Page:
SEATTLE - A defective carburetor is blamed for the 2008 crash of a small plane north of Arlington that killed three people.
A King County Superior Court jury awarded two families $26.1 million for the deaths of Dr. Tory Becker, an Auburn spine surgeon, Enumclaw airline pilot Brenda Houston, and her 10-year-old daughter, Elizabeth Crews.
The jury awarded both compensatory and punitive damages against the engine manufacturer.
The single-engine Cessna was flying from San Juan Island to Auburn when its engine failed, causing the airplane to crash into a heavily forested area north of Arlington. Investigators at the scene discovered that the carburetor float, an accessory which supplies fuel to the engine, had leaked and was full of fuel.
“Once we analyzed the defects in the carburetor, our investigation focused on the carburetor design, manufacturing process, and failure history,” said Robert Hedrick, an attorney with Aviation Law Group in Seattle who represents the Becker family. “Sure enough there was a significant history of similar failures for years before this accident,” Hedrick said.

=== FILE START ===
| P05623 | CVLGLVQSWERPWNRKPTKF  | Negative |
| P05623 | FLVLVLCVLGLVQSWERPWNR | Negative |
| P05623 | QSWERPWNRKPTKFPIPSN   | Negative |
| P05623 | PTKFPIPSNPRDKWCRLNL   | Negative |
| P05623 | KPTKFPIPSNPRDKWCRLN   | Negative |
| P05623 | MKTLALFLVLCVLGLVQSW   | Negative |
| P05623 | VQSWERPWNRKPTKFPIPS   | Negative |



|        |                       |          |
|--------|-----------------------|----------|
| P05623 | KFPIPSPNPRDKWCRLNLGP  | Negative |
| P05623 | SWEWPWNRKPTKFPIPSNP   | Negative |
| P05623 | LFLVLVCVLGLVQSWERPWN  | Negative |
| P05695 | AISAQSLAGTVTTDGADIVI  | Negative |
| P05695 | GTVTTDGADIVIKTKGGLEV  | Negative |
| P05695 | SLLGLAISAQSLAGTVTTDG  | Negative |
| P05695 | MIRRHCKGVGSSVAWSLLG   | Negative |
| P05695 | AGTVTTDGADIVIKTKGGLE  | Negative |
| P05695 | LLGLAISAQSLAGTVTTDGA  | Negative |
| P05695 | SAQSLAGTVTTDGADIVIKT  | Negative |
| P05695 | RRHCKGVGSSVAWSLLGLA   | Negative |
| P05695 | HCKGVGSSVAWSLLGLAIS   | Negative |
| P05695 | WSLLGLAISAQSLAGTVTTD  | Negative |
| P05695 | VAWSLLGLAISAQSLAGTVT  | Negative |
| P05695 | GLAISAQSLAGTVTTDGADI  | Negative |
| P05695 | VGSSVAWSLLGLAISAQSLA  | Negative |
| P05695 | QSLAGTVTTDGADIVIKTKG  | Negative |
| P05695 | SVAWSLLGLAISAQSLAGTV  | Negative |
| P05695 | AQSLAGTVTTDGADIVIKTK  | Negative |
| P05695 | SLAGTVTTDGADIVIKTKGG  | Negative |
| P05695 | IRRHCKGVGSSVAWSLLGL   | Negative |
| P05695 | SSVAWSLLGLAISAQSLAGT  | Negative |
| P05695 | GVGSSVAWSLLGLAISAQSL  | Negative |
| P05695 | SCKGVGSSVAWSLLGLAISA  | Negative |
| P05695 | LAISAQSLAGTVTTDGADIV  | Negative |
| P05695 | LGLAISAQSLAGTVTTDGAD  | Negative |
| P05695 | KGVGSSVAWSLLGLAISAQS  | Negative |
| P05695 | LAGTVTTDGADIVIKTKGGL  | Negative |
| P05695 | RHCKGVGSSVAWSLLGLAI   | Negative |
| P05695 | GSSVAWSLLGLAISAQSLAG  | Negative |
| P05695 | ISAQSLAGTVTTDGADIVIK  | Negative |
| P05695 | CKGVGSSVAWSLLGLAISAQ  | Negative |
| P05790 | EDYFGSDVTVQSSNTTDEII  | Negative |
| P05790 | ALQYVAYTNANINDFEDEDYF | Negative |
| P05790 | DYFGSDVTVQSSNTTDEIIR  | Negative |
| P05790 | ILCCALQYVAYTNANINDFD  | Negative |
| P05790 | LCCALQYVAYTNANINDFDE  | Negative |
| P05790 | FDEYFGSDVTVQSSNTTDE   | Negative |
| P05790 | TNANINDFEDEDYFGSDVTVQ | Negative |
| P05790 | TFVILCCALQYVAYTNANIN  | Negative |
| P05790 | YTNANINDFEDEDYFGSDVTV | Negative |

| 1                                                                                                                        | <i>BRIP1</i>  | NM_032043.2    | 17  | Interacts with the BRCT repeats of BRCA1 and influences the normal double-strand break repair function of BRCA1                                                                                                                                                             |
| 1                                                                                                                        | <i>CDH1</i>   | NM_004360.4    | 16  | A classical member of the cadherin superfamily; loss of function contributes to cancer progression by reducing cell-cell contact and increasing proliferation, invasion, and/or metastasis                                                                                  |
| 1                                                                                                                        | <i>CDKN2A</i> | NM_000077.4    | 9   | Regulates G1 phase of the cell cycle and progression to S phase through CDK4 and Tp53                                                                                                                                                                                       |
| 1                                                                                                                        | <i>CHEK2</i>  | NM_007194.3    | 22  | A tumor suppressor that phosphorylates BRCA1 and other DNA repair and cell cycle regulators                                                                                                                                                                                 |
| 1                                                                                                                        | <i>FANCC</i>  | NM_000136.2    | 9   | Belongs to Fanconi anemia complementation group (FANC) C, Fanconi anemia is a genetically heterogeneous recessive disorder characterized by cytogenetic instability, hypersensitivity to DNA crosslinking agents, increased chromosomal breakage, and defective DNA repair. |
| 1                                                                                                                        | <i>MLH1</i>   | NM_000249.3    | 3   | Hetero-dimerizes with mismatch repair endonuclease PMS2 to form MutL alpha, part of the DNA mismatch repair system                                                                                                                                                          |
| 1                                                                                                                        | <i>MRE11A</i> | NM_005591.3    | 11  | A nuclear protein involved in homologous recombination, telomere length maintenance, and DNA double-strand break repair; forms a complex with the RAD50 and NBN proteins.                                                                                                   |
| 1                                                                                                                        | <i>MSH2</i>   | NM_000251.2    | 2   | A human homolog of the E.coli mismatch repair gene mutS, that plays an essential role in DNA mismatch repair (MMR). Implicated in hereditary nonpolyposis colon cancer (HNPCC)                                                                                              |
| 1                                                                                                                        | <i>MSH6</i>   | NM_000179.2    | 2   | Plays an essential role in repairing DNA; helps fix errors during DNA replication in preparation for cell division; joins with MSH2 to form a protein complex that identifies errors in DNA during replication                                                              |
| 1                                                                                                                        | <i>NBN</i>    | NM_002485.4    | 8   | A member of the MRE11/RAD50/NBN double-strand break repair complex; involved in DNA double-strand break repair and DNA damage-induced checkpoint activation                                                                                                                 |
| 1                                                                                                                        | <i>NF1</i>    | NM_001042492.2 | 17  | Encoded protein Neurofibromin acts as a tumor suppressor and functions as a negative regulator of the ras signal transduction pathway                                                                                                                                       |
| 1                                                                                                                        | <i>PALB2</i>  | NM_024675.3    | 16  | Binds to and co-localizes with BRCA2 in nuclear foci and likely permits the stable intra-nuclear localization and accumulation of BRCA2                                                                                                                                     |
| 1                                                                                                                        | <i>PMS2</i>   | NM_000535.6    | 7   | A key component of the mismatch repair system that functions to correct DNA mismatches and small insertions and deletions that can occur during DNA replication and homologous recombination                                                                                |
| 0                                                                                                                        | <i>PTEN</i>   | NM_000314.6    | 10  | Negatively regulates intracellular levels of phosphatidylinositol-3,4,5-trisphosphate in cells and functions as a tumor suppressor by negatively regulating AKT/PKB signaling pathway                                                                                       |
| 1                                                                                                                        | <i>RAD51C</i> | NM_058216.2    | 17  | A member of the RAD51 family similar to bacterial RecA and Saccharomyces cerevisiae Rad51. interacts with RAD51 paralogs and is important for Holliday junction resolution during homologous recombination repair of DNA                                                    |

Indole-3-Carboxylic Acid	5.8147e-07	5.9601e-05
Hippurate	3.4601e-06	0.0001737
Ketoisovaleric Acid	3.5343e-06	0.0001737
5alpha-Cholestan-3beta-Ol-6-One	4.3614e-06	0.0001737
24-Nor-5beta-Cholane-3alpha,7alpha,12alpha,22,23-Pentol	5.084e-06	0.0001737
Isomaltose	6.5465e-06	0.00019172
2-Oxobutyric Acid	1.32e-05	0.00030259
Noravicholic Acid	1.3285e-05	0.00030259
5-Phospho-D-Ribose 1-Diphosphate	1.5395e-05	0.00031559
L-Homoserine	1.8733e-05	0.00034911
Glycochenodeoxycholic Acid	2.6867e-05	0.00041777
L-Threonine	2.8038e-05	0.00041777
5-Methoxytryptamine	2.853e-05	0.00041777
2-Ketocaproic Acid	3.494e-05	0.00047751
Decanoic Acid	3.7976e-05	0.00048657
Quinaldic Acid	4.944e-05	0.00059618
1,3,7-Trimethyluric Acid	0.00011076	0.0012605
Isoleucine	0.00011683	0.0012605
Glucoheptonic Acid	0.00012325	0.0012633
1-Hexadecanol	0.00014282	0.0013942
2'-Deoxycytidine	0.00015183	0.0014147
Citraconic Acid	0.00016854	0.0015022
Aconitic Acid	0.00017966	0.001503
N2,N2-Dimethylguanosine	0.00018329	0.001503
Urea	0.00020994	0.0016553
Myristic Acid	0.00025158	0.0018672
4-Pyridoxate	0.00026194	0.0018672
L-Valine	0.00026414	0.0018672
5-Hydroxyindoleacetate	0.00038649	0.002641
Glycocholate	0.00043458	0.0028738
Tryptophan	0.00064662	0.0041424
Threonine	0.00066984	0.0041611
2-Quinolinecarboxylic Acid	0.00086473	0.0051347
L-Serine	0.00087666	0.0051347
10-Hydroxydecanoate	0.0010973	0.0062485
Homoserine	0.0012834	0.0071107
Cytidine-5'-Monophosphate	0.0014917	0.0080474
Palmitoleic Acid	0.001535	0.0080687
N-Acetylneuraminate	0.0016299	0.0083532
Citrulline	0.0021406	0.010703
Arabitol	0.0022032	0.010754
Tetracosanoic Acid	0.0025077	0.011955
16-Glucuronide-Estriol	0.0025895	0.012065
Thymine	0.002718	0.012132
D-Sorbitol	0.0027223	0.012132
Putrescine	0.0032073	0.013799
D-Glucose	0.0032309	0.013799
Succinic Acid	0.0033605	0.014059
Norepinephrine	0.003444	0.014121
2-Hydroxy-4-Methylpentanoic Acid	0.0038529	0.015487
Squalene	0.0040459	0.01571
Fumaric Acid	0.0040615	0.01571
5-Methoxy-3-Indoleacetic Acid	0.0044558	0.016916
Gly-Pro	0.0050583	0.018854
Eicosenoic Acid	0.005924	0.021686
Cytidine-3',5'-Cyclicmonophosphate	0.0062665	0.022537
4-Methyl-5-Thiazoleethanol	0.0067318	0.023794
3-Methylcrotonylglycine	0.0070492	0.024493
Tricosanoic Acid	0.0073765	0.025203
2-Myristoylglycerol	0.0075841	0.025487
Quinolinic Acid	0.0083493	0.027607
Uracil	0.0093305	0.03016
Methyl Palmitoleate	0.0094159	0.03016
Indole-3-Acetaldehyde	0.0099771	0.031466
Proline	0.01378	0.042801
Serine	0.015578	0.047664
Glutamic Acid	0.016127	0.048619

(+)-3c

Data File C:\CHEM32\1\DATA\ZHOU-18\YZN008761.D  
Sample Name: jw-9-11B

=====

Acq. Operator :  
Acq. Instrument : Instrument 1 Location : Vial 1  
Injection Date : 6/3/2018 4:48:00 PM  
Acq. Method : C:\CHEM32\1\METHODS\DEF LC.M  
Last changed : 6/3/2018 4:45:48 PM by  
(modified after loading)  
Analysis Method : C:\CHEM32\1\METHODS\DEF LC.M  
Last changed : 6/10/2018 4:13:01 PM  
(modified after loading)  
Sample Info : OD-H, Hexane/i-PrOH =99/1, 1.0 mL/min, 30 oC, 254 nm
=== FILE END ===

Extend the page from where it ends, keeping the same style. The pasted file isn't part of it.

Attorneys said the manufacturer implemented a fix for the carburetor problem more than two years before the crash but the fix was not implemented for thousands of aircraft already operating the field, including the Cessna that crashed.
The trial took place in February and March in Seattle. After hearing testimony and arguments from both sides, the jury awarded compensatory damages to the families. In a second phase of the trial, the jury awarded $6 million in punitive damages.
Becker was in private practice in Auburn and was a staff surgeon at Auburn Regional Medical Center.
Brenda Houston was an experienced airline pilot with United Airlines.